One of the cytokine that increased in human blood serum during aging is TNF. We evaluated locally the expression of TNF in wound from young and old rats (Fig 6C). Wound from old rats present higher staining of TNF compared to wound from young rats (Fig 6C). Moreover, healthy gingiva (non injury) shows less staining compared to a wound site (Fig 6D), suggesting an important role of TNF during wound healing. Using the software NDP analysis, we observed that the minimal intensity of the selected ROI in wound from young rats was 63.6 ± 3 versus 92 ±3.5 in old rats. Moreover, the mean intensity in young rats was 122 versus 138 founded in old rats. This analysis suggests that the expression of TNF was higher in old rats compared to young rats.

Fig 6. Old rat serum present higher levels of pro-inflammatory cytokine.

A Representative image of the cytokine proteome array from young and old rat serum B Graph indicated the quantification of the pixel mean density of each cytokine. C TNF distribution in wound from young and old rats after 7 days of repair 5X, 40X and inset of 100X.D TNF distribution in non wound gingiva 5X (scale bar 150 um) and 40X (scale bar 50um). E Negative control 5X and 40X.

Interestingly, young gingival fibroblast treated with 10% young serum and 300 pg of TNF during 3 days, show that the addition of TNF to young serum increased of cellular senescence as shown in S1 Fig.

The identification of factors enriched in young blood or lost in old blood that can improve wound healing is a key research goal.


The findings of the present study allow us to propose that factors found in the serum of middle-aged and aged subjects may contribute to delayed wound healing by decreasing cell proliferation and myofibroblastic differentiation and by stimulating cellular senescence. All these responses may impact wound healing since they are necessary to augment the amount of cells needed for tissue repair and for the secretion and organization of collagen in tissues [5]. Moreover, senescent cells have been associated with impaired wound healing as well [22]. Therefore, serum derived factors might be responsible, at least in part, for delayed wound healing responses associated with aging.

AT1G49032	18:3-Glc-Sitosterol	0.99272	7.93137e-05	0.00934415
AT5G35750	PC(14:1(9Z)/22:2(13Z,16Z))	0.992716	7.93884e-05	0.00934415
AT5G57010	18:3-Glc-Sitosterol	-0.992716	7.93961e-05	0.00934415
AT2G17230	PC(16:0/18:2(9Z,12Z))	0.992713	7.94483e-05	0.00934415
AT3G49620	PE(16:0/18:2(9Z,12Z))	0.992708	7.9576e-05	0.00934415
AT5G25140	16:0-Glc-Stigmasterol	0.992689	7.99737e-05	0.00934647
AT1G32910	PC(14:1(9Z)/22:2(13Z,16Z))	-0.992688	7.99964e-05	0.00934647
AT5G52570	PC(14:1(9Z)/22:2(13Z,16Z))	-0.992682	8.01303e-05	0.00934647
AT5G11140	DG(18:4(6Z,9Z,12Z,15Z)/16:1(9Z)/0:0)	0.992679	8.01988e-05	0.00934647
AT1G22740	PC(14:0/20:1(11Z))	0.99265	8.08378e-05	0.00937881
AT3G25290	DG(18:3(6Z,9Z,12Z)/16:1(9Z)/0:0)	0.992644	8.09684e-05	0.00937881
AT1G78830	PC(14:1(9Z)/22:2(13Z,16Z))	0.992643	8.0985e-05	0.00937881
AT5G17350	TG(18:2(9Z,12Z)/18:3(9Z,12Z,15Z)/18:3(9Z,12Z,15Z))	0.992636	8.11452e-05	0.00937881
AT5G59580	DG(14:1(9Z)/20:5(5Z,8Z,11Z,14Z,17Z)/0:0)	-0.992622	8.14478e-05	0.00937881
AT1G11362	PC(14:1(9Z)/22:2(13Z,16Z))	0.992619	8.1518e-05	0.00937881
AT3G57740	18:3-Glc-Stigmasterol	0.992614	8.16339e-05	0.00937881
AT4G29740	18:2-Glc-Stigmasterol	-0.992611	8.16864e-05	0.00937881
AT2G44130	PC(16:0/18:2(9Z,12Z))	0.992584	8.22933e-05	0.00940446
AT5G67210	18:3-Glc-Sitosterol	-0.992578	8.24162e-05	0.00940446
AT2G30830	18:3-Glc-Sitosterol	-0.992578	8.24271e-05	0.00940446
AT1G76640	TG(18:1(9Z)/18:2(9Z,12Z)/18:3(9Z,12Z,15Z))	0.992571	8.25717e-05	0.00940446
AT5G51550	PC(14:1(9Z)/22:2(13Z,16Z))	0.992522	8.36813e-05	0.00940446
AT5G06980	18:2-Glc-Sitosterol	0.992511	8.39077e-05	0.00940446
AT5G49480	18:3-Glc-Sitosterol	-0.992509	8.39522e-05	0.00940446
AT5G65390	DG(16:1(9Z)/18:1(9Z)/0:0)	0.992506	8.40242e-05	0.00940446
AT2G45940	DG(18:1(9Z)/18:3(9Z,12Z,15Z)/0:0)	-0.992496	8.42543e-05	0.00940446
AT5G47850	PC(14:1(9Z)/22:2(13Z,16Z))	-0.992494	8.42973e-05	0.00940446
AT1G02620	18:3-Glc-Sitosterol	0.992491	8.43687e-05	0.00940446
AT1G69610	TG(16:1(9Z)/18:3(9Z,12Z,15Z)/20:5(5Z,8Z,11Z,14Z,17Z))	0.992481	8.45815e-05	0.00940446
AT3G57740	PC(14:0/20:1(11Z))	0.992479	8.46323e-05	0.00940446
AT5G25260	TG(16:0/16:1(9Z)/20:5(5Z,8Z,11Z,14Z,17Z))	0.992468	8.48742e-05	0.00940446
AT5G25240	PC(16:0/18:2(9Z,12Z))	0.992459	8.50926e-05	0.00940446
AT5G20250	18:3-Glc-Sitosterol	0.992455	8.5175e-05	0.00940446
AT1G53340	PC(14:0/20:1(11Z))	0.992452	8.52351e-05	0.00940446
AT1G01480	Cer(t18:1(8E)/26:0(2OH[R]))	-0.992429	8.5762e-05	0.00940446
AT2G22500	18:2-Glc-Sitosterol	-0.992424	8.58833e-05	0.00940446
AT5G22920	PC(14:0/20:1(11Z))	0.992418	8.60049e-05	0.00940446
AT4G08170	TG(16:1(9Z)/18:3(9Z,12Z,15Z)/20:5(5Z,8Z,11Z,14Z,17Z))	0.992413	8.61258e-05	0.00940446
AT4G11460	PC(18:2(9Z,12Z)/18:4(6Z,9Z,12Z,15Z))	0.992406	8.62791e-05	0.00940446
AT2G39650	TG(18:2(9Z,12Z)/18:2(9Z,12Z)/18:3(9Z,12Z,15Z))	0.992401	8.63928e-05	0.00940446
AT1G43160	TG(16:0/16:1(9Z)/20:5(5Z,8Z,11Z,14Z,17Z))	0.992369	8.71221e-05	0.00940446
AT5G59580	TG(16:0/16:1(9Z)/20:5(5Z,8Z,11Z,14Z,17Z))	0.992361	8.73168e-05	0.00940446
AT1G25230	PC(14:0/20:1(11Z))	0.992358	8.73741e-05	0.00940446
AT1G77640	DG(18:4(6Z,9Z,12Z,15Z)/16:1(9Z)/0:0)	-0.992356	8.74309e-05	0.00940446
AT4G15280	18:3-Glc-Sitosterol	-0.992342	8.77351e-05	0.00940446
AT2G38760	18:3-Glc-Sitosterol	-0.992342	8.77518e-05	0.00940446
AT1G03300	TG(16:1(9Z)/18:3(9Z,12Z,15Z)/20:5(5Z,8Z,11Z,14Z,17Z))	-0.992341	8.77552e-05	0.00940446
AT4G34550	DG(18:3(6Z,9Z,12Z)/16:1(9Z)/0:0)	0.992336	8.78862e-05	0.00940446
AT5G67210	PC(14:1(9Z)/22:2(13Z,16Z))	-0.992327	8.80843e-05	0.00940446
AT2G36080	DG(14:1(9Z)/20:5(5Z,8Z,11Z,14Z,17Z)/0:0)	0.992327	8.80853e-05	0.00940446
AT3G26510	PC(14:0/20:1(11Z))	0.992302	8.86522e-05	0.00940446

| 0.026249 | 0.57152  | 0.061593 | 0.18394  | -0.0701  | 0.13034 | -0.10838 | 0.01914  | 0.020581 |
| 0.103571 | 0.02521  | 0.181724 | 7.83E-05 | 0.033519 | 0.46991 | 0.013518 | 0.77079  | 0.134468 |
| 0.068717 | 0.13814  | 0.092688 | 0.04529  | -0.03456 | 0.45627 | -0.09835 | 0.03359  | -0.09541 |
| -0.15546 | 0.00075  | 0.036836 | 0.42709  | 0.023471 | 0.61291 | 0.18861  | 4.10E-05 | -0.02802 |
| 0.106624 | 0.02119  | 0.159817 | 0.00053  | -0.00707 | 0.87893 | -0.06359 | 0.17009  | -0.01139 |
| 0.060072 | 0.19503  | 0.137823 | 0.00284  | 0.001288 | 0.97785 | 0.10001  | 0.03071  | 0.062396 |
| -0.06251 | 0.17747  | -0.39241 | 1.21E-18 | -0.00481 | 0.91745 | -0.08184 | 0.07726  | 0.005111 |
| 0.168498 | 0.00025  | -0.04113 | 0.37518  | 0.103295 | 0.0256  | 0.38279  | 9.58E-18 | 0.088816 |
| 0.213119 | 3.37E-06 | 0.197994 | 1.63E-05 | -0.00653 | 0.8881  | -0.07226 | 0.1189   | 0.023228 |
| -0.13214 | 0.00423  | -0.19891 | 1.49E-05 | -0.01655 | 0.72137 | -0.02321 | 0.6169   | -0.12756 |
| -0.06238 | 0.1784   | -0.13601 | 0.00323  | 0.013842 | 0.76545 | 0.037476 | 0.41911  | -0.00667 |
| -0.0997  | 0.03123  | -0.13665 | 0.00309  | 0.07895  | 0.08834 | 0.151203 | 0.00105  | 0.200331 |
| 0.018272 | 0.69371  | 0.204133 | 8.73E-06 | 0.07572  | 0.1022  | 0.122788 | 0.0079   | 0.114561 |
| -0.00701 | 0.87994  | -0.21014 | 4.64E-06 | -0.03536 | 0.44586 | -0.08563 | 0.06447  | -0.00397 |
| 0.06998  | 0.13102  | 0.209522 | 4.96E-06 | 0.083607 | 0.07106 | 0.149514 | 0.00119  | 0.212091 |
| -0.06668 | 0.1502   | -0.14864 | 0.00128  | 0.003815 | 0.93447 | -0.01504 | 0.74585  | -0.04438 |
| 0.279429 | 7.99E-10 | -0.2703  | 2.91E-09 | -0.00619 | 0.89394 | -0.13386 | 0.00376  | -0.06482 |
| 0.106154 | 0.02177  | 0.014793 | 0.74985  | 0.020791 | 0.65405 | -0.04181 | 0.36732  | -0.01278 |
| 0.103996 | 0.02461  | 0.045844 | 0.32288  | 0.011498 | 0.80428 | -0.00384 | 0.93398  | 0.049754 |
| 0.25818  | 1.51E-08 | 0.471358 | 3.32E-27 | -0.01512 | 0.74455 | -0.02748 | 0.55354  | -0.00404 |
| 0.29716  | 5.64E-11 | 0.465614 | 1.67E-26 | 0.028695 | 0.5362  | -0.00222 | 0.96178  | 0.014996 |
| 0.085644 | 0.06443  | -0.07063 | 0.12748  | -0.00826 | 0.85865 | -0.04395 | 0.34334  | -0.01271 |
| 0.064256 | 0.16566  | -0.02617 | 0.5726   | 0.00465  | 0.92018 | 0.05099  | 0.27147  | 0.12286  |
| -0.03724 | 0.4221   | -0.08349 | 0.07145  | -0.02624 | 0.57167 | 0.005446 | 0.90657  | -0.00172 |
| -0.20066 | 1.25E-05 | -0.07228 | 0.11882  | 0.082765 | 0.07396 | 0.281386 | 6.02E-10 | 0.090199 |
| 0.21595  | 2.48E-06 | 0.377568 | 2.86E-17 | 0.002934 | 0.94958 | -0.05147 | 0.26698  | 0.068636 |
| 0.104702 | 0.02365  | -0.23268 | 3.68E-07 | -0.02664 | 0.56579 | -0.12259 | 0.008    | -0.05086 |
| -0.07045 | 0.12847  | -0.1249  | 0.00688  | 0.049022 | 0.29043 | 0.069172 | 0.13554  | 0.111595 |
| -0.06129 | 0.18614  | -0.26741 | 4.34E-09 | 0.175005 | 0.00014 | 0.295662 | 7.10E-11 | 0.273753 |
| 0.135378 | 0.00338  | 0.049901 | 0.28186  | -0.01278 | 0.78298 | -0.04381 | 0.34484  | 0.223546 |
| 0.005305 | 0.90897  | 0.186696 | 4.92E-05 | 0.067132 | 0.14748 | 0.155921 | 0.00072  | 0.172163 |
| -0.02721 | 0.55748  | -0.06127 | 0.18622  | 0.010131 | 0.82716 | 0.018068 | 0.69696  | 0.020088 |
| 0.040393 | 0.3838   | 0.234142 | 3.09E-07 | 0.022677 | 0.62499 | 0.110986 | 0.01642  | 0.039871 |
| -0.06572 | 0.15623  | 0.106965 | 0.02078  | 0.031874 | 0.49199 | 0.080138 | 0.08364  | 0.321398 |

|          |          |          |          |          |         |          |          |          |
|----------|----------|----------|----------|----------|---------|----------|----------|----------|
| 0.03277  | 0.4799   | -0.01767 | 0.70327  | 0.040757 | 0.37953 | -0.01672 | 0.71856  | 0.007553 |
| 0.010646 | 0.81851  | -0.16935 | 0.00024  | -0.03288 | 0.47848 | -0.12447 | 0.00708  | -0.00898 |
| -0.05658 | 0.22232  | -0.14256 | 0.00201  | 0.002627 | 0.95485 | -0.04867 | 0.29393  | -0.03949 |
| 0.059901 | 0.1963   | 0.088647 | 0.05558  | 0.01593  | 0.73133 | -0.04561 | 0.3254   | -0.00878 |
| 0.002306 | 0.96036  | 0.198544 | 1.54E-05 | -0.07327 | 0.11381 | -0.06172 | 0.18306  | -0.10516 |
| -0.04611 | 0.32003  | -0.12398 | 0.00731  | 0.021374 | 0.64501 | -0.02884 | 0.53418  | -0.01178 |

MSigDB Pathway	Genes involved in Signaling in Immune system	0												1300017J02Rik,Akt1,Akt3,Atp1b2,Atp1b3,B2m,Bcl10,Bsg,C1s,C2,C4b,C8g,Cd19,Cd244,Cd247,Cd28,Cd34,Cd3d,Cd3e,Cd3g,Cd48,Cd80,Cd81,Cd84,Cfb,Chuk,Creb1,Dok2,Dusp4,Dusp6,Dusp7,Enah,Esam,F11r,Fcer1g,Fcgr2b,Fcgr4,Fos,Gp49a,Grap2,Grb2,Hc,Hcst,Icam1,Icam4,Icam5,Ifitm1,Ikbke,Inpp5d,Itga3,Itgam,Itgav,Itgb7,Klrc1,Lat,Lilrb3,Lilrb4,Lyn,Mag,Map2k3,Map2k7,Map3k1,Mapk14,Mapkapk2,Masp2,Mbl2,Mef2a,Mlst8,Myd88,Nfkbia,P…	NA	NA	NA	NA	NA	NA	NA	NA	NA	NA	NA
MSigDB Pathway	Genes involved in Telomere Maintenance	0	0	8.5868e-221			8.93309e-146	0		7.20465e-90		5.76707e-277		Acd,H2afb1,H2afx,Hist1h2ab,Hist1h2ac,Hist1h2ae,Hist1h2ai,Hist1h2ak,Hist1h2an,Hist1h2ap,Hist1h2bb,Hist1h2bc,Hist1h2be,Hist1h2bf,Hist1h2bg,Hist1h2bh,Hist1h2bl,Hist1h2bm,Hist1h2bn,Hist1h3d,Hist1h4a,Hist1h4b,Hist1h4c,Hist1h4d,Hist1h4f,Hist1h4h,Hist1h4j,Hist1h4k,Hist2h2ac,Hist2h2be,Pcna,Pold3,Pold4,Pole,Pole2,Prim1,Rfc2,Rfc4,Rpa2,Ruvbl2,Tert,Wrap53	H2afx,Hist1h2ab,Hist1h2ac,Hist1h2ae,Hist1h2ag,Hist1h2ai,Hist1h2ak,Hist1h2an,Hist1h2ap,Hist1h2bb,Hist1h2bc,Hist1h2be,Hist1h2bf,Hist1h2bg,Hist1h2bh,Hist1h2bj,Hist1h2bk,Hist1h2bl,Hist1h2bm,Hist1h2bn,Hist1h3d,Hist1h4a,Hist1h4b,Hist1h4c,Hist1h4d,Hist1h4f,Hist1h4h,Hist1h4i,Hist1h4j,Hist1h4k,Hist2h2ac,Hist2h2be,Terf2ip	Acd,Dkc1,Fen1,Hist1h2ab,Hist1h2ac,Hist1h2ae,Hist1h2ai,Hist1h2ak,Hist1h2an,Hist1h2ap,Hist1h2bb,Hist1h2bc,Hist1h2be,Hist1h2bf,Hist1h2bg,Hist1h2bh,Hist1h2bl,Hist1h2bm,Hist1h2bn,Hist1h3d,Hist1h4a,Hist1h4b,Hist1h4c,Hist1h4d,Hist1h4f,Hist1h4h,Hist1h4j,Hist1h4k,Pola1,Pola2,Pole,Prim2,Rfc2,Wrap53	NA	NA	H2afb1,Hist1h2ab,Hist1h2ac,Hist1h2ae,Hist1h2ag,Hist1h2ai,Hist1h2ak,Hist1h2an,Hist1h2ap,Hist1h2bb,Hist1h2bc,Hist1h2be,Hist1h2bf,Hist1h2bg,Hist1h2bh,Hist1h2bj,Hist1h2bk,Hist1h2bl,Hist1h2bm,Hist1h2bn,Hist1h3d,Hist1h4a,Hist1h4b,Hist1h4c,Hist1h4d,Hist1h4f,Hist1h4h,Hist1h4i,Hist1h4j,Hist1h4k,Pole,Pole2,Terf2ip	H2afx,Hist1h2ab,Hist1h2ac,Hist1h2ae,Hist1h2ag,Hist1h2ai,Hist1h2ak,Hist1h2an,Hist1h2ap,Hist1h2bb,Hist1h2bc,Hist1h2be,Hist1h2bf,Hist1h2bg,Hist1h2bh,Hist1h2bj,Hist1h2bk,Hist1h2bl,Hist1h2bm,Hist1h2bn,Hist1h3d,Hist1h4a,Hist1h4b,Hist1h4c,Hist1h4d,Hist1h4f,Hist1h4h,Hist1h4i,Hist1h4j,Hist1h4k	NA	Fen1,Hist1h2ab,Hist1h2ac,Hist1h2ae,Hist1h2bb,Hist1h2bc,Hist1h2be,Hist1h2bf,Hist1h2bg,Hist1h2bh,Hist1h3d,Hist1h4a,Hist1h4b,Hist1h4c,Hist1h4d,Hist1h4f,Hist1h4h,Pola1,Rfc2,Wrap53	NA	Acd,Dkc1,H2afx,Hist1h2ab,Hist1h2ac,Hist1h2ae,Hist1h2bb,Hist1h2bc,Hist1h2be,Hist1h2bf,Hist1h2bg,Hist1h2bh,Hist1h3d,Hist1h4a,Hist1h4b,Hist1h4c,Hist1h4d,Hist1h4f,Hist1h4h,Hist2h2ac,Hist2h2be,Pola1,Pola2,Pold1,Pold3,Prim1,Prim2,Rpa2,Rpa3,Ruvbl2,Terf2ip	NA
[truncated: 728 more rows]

Our study suggests that aging may have an early manifestation in serum related to the variations in some inflammatory cytokines and growth factors. These changes included an increase in MCP-1 and TNF in the serum of aged subjects evaluated in this study and a decrease in PDGF, VEGF and IL-6R. In addition, no changes were found in TGFβ1 and HGF protein levels. According to these findings, the augmented levels of inflammatory cytokines might contribute with increased levels of inflammatory cells in tissues that may delay wound repair. It is important to consider that TGFβ-stimulated myofibroblastic differentiation is effectively inhibited by the inflammatory cytokine TNF as described for dermal [17] and gingival fibroblast [23] In addition, TNF may impair wound healing in diabetes [24], suggesting that this cytokine is probably implicated in delayed wound healing in different contexts. The results described in our study suggest that increased TNF levels found in serum from middle-aged and aged donors may be responsible for the decrease in myofibroblastic differentiation found in cells exposed to these factors. More studies are needed to identify and quantify the amount of TGFβ1, TNF and other relevant cytokines during wound healing in young and aged tissues.

The diminished levels of PDGF and VEGF found in the serum of middle-aged and aged subjects might also contribute to explain the reduction in cell proliferation observed in our study. PDGF and VEGF are also involved in cell migration [25] and angiogenesis [25]. Although we did not test this possibility in the present study, these assays should identify other relevant functions putatively modulated by serum factors in aged subjects.